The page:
Say Hello to Big Brother: The Queen's Brought a Modified Version of That Horrendous Internet Snooping Bill Into Draft

By Sam Gibbs on at

Looks like we're not getting away totally scot-free from that seriously scary, almost Chinese-style internet snooping bill. It's made it through today's Queen's speech in a draft form, complete with on-demand site, email address, social media and phone-number access, so the government can see who you contacted; what you were looking at, and for how long.

After some serious questioning from MPs, the draft bill has been modified a bit since it was proposed, thankfully. For instance the cap on accessible data has been set at only 12 months, which is a far cry from the potentially indefinite amount of data that could have been roped in. Police still won't be able to see what you actually wrote in your texts and emails either, just who you contacted and for how long, without a warrant that is. The "real time" data-snooping clause is also only available on those under investigation for terrorism, hostage-taking, or kidnapping too, so unless you're plotting something really nasty, it shouldn't apply to your data.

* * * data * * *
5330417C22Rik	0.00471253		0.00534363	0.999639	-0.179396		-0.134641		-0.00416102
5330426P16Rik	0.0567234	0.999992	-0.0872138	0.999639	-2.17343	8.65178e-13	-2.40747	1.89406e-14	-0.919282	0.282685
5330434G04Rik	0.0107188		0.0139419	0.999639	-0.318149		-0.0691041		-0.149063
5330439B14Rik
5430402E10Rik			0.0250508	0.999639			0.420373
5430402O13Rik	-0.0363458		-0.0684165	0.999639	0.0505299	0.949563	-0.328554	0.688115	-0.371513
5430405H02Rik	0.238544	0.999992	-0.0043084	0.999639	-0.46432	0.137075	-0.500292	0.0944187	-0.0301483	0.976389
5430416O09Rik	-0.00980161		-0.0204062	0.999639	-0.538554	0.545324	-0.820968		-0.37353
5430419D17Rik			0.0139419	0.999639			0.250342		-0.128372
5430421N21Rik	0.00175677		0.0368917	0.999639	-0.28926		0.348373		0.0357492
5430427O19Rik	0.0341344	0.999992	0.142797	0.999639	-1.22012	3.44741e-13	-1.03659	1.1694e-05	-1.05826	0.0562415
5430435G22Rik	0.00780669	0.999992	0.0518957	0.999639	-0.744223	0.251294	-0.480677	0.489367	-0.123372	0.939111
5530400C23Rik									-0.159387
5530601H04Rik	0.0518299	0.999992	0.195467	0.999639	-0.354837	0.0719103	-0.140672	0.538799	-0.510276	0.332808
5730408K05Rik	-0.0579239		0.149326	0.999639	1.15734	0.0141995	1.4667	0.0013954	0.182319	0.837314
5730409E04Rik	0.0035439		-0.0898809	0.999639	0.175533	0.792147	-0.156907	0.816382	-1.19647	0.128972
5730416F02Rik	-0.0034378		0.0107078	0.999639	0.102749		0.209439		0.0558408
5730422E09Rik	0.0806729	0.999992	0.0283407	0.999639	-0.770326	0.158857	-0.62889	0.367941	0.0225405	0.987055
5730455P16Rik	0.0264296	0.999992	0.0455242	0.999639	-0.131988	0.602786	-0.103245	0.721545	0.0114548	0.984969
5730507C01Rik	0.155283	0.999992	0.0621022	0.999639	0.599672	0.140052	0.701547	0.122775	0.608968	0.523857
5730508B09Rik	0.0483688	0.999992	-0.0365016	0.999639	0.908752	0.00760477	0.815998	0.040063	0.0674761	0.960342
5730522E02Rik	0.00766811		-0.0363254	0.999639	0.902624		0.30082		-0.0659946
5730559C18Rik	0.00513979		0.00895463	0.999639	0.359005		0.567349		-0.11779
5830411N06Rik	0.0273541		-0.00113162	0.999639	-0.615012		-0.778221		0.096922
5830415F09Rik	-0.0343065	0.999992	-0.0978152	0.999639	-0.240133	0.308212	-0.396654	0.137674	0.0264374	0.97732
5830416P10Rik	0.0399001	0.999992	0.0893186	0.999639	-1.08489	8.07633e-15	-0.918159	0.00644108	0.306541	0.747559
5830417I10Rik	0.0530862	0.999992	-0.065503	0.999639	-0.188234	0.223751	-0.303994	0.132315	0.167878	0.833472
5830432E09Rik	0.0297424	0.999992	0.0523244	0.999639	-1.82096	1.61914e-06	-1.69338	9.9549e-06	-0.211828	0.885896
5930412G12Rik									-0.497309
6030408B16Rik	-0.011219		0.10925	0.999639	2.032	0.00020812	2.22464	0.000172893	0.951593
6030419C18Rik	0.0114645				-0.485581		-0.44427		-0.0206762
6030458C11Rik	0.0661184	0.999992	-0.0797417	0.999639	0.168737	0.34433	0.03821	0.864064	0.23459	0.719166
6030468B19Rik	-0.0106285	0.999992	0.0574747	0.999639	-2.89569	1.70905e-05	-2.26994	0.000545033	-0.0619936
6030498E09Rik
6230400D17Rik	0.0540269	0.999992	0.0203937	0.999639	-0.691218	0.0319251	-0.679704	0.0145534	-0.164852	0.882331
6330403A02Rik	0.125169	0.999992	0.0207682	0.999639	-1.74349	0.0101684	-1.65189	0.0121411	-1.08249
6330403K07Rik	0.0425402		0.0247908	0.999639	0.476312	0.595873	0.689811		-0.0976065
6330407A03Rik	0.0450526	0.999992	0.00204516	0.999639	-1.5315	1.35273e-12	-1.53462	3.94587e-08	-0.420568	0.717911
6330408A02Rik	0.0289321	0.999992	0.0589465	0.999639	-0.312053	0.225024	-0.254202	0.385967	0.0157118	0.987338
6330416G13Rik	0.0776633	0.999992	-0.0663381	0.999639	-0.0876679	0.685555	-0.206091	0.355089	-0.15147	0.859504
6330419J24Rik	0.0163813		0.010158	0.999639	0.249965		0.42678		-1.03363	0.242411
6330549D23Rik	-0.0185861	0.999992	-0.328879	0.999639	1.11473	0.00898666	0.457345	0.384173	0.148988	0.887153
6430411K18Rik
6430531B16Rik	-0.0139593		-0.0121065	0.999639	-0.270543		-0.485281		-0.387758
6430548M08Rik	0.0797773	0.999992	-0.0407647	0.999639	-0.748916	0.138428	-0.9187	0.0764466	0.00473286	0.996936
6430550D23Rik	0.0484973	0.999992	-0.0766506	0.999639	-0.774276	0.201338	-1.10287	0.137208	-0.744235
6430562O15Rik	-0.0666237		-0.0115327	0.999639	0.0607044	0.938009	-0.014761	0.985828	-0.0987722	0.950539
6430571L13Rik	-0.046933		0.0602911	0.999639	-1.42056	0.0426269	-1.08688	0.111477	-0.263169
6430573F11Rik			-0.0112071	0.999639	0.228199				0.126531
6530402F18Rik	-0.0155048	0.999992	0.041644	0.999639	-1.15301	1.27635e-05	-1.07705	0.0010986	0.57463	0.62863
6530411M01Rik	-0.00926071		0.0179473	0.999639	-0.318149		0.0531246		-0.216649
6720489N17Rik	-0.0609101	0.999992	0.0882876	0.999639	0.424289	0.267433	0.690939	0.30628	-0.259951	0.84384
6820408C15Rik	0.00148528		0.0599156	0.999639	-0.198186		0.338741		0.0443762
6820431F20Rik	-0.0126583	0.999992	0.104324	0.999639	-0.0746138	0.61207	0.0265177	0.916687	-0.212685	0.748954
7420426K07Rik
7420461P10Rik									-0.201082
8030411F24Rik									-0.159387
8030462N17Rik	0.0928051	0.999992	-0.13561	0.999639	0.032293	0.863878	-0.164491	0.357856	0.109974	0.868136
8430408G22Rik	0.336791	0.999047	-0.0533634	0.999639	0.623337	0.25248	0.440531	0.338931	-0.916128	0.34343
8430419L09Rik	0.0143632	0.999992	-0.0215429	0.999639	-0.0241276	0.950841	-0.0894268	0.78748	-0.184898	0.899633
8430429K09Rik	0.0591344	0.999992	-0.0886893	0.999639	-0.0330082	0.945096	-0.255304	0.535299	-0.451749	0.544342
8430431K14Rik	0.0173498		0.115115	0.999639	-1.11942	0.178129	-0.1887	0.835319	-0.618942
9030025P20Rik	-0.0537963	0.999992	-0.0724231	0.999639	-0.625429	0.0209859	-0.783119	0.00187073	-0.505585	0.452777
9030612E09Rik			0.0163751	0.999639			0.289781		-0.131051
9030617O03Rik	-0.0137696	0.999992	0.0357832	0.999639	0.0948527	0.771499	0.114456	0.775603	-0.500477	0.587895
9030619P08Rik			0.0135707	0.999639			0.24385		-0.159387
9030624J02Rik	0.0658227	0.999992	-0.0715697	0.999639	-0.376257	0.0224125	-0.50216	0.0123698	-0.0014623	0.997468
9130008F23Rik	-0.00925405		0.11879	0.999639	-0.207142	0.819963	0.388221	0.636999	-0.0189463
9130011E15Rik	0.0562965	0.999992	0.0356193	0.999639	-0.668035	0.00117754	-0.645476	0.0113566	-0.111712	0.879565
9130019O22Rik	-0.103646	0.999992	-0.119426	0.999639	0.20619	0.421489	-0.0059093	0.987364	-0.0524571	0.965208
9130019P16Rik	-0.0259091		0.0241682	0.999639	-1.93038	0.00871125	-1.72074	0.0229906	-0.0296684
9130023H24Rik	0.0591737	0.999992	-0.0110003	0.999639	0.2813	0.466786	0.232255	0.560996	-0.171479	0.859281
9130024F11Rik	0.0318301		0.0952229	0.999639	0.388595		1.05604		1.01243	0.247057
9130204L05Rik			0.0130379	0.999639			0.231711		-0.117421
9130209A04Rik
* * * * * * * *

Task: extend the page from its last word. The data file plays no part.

There'll apparently also be some other "strict safeguards" to avoid abuse. These include things like "measures" to prevent unauthorised access. They should, in theory, stop Police abusing the power to snoop, but hackers have shown they can get into almost anything these days, so outside access can't be totally ruled out. Beefed-up independent oversight will be brought in too, along with stronger roles for complaint tribunals, so you'll potentially have some come back if you get snooped on without cause.

I hope that makes you feel a bit less probed and invaded; I can't say it makes me feel any more secure though. I do understand that the police often need rapid access to this kind of information especially when it comes to immediately dangerous things like terrorism and hostage taking. It's not like I have anything to hide about what sites I visit, who I email and who I call either, but it's the possibility for abuse that really gets me. I don't like the idea of anyone snooping on my online goings on without having to go through due process, even though Google pretty much knows everything I do through search, email and IM these days.

The draft bill will still have to clear through Parliament, so there's time to protest if you feel strongly enough. I can't say the ISPs are going to be all that happy about this either, as they're the ones who are going to have to store all this data on you and make it accessible on-demand. Storing logs for everything on everyone for 12 months, with instant access, sounds like a costly affair to me. [BBC, Guardian]

Image credit: Big Brother from Shutterstock